Not Recommended

Monday, July 14, 2014

Jonathan Strange and Mr Norrell by Susanna Clarke

As part of my getting ready to visit London, I’m going to be reading some books that take place in England or are written by British authors so be prepared for a series of book reviews that have a “London Calling” theme.  I intentionally chose this novel because I’d heard good things about it.  That should have been my first warning.  I can’t even remember how many novels have been highly recommended to me that left me disappointed.  At the bottom of this book review is a list of some other books already in my queue to be read.  If you want to chime in with a personal recommendation, please feel free to do so, especially if you’ve read one of the books listed. 

Jonathan Strange & Mr. Norrell by Susanna Clarke is a modern novel told in a Victorian tone, which explains its massive size, because the author does an excellent job of mimicking the verbose style of writers who were paid by the word.  Unfortunately, it too often reads like Clarke thought she herself was being paid by the word.  The story could have been as effectively told with a fourth or more edited out.  The time it takes for her to set situations up for the next even to happen becomes tedious, especially when the reader is able to correctly predict what is going to happen chapters before anything actually occurs.

Not that the novel was a thorough disappointment.  The premise is interesting.  Magic is returning to England in the time when King George III is losing his mind, Napoleon Bonaparte is building his empire, and a group of theoretical magicians are forced to face the implications of what happens when a practical magician forces them to retire.  Clarke has done a lot of research, evident in the plethora of historical figures—from Lord Wellington to Lord Byron—who meander across the pages.  And the endnotes are amusing, sometimes rooted in fact and other times fanciful additions to the story itself, adding another layer of legitimacy to the fantasy world in which the characters live.  Sometimes the endnotes, however, are an insult to the reader’s intelligence, reiterating  events or content that only appeared a few pages before.  Someone I know said it took them three months to read this book; she probably benefited from these tedious and, in my mind unnecessary, endnote reminders.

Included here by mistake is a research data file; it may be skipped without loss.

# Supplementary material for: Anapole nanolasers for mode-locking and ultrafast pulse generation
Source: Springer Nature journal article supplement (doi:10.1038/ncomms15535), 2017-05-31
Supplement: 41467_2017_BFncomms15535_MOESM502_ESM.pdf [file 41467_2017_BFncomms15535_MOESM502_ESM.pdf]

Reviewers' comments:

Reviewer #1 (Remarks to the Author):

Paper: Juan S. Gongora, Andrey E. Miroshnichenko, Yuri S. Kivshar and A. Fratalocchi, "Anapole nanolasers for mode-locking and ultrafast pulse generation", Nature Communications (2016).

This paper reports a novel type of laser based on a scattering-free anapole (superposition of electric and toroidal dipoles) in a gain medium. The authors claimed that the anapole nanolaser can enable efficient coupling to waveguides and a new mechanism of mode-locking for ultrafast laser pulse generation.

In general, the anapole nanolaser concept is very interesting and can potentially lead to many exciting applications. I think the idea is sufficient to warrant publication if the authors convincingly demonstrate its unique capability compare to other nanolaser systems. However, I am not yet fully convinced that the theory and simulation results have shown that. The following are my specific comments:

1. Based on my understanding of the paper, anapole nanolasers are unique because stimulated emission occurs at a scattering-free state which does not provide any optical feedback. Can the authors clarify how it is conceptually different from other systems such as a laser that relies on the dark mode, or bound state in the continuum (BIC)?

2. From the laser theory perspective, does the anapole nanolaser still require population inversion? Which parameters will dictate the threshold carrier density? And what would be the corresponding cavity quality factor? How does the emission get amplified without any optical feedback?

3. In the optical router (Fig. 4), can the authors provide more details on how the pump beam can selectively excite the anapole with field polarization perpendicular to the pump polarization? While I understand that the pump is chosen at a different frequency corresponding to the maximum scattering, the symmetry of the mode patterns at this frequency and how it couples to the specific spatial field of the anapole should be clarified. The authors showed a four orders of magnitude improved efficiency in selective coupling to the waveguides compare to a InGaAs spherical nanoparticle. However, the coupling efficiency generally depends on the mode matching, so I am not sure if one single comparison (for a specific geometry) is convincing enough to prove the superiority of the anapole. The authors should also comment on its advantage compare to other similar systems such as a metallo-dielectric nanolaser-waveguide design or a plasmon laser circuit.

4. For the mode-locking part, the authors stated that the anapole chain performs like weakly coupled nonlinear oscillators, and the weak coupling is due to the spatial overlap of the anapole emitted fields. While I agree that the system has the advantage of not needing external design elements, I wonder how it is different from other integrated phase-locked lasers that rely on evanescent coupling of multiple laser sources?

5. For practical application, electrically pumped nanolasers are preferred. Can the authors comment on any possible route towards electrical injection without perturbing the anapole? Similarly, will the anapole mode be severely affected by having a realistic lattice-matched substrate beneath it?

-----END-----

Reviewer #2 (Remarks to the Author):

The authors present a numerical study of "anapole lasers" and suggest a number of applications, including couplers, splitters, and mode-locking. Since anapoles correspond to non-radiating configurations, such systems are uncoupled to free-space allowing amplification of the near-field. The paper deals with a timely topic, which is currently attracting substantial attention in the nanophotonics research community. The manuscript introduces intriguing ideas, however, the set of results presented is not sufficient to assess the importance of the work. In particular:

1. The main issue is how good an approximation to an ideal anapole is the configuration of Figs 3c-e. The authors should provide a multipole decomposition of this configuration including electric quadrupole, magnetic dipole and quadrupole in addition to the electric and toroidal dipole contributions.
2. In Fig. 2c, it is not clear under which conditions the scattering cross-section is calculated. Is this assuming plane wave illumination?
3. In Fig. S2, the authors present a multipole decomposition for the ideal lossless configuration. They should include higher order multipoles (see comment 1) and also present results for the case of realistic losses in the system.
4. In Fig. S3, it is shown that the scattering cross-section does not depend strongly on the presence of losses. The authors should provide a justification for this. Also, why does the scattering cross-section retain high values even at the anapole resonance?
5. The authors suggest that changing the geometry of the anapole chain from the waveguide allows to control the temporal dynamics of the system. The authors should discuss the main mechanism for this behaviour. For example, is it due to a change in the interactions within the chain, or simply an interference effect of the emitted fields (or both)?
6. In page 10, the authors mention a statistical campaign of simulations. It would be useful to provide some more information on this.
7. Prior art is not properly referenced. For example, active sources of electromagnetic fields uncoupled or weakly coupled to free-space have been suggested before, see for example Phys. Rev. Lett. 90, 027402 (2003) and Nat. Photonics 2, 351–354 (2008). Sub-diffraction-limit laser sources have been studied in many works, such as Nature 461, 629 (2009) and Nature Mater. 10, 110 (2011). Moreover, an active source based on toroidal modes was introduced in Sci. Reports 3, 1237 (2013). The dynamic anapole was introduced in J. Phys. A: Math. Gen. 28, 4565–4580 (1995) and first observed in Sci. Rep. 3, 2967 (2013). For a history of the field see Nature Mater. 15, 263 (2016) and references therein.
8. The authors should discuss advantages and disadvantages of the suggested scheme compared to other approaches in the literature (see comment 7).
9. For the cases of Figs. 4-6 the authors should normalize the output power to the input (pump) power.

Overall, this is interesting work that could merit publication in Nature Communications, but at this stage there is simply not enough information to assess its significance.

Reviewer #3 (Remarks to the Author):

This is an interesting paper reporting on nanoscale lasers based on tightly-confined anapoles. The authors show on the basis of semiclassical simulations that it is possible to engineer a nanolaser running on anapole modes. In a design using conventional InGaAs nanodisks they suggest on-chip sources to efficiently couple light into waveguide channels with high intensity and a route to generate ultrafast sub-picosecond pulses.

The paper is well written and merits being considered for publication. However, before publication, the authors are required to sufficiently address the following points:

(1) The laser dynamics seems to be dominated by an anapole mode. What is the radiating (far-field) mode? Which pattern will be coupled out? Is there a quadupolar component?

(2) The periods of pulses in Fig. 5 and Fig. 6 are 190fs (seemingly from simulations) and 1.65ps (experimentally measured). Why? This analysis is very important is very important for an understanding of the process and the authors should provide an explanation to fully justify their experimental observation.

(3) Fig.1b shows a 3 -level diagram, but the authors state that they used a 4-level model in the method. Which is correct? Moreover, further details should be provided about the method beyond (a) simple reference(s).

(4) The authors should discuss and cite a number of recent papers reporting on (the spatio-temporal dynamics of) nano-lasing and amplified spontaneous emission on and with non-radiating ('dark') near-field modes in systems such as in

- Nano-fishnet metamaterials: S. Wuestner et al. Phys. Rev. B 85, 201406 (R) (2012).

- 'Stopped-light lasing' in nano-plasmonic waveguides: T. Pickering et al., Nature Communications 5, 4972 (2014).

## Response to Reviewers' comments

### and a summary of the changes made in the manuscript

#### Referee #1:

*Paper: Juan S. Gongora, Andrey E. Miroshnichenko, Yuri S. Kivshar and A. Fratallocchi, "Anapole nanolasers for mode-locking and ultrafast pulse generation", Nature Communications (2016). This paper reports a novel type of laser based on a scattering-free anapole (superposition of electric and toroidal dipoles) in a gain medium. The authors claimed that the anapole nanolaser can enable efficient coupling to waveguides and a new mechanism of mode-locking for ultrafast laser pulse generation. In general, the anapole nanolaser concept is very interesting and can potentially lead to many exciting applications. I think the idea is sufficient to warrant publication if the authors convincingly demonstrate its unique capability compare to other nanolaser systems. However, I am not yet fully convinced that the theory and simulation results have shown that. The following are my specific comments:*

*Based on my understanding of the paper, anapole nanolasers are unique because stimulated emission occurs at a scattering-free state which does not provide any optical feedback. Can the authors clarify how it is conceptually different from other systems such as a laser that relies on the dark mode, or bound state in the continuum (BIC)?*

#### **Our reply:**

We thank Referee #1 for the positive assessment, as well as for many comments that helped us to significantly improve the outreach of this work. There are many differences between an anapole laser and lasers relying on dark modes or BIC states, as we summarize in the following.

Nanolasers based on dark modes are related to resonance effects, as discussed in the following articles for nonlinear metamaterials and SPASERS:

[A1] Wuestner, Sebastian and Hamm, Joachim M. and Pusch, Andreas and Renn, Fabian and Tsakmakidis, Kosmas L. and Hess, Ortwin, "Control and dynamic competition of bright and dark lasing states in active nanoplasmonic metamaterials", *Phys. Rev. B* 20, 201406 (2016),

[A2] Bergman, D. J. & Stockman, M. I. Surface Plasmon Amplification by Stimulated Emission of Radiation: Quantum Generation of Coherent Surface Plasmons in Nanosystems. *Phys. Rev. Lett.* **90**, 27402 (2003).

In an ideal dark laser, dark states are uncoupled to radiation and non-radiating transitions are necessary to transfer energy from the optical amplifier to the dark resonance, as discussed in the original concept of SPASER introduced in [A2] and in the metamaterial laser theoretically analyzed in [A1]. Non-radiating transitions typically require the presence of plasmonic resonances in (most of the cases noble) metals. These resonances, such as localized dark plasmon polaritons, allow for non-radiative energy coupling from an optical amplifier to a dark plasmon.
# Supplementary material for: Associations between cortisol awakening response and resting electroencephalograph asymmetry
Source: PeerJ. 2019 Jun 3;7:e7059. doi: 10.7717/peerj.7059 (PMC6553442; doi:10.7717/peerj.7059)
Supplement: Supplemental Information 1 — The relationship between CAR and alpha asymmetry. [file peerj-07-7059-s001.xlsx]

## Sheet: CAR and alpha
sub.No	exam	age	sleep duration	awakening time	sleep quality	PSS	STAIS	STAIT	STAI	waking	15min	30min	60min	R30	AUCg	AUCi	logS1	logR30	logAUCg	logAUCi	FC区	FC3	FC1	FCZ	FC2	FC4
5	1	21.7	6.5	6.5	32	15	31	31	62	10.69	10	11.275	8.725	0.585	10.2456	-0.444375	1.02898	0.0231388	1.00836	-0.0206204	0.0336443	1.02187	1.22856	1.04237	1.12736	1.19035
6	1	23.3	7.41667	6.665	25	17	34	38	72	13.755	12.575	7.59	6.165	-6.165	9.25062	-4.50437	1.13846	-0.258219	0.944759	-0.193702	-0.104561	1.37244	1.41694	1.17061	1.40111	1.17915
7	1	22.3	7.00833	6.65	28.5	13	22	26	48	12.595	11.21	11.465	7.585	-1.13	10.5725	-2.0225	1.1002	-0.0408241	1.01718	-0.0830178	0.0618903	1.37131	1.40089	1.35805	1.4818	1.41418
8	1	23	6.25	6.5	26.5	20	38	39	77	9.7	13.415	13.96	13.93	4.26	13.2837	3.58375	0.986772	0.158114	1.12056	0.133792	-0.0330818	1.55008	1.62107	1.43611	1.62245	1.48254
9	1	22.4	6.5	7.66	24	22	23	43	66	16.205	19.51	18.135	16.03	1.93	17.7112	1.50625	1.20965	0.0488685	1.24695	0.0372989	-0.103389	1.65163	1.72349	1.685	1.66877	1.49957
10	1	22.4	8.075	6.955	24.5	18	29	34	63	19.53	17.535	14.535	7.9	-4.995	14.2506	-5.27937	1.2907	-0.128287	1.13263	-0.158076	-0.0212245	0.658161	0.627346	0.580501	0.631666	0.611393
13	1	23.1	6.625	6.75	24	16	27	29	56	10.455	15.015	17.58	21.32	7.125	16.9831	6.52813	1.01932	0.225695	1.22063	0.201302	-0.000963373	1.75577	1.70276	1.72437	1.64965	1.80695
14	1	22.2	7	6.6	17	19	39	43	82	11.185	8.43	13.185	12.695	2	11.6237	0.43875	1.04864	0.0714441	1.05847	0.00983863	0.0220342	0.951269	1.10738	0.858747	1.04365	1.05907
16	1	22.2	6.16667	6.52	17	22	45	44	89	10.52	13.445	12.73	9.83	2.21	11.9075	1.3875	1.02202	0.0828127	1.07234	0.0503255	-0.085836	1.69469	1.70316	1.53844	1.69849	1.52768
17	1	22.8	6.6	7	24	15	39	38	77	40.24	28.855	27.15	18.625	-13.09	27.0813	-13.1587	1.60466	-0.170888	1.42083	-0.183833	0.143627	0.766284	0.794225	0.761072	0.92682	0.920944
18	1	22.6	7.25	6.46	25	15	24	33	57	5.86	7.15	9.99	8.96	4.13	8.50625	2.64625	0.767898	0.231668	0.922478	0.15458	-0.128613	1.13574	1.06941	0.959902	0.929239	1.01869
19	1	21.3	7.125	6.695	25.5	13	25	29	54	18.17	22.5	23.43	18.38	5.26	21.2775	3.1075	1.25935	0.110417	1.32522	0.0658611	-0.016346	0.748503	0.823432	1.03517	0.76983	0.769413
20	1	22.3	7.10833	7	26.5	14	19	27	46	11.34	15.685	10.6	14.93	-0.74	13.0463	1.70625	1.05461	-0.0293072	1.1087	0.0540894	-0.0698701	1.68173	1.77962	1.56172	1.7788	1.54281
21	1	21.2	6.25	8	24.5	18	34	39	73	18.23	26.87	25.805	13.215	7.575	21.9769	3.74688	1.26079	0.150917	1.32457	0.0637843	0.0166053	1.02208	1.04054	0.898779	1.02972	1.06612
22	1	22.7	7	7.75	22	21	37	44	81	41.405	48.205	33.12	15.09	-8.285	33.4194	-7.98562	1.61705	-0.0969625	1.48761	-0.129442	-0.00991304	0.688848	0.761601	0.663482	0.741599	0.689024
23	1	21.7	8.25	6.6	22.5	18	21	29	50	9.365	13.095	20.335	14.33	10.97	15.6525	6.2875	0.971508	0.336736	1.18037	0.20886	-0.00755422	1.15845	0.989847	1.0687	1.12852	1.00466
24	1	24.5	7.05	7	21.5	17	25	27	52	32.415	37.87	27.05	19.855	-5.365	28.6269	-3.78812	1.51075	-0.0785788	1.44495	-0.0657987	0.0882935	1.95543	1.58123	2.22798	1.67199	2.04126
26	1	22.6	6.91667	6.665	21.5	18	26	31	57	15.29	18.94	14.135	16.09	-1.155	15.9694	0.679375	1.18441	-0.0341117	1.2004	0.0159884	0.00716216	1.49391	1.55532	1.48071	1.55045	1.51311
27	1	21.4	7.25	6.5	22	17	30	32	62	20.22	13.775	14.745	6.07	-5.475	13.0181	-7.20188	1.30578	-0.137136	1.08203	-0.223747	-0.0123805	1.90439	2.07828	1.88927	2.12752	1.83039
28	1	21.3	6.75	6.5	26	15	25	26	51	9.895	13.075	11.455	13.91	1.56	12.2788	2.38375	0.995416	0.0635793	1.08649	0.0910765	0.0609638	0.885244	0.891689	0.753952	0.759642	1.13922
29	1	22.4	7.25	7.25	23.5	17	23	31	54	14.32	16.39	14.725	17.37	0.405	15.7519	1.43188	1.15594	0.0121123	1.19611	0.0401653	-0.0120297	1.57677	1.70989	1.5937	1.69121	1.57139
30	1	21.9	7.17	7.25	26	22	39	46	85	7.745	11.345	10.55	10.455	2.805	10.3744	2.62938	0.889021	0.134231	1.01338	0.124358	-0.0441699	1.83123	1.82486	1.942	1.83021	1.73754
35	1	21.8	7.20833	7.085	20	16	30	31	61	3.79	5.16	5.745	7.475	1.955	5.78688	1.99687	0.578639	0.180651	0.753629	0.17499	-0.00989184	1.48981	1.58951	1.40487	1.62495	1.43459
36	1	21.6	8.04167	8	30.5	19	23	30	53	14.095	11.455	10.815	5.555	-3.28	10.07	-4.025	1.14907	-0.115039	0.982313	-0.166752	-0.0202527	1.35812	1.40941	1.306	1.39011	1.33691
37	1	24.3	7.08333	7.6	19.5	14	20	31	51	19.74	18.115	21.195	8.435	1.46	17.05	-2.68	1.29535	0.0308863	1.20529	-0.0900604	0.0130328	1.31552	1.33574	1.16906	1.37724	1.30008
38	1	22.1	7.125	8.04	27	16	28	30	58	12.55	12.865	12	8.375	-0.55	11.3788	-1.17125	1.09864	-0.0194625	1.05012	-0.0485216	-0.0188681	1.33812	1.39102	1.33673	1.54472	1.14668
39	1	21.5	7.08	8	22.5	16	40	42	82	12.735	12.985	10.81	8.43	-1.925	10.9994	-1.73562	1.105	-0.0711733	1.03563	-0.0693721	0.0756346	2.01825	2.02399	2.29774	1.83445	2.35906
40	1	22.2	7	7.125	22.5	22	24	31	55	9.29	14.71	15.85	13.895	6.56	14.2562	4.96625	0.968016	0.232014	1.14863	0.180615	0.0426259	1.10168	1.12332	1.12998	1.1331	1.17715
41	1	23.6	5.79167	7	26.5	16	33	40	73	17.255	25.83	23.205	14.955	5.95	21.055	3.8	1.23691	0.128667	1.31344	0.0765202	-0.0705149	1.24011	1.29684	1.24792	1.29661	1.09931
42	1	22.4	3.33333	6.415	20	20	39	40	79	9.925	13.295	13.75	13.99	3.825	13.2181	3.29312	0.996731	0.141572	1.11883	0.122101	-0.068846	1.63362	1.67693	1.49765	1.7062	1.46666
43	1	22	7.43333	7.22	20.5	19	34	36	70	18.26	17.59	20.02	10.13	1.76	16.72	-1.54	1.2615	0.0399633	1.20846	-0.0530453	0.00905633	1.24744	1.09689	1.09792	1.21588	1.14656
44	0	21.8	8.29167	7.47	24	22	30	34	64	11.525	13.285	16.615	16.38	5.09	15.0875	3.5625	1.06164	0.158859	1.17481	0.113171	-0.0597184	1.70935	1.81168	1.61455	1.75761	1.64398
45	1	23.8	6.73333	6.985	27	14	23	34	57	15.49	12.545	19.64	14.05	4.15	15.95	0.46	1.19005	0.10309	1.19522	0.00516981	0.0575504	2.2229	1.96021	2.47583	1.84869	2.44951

As expected with any novel of this size, many characters are introduced, interact with one another, become more or less important as the narration unfolds.  The characters, themselves, are mostly two dimensional, only changing on superficial levels rather than having any real character driven epiphanies. If you like the characters, and you probably won’t, you’ll want to see what happens on the next page.  But the fact is, most of what happens is predictable.  As characters are moved from scene to scene, it quickly becomes evident how each player will turn out in the end, with foreshadowing so blatant it’s more spotlight than shadow.

That this novel is an homage to the Victorian novel is further evidenced by the ingénue role of the women.  Young girls are innocent, sweet, compliant while the older women are only there to counterbalance the preciousness of the younger ones.  There’s nothing wrong with creating a novel that is written to sound like a classic novel.  But it can be done well (e.g. Sarah Waters’ Tipping the Velvet which is another “Victorian” style novel that was written in contemporary times) or it can be done tediously.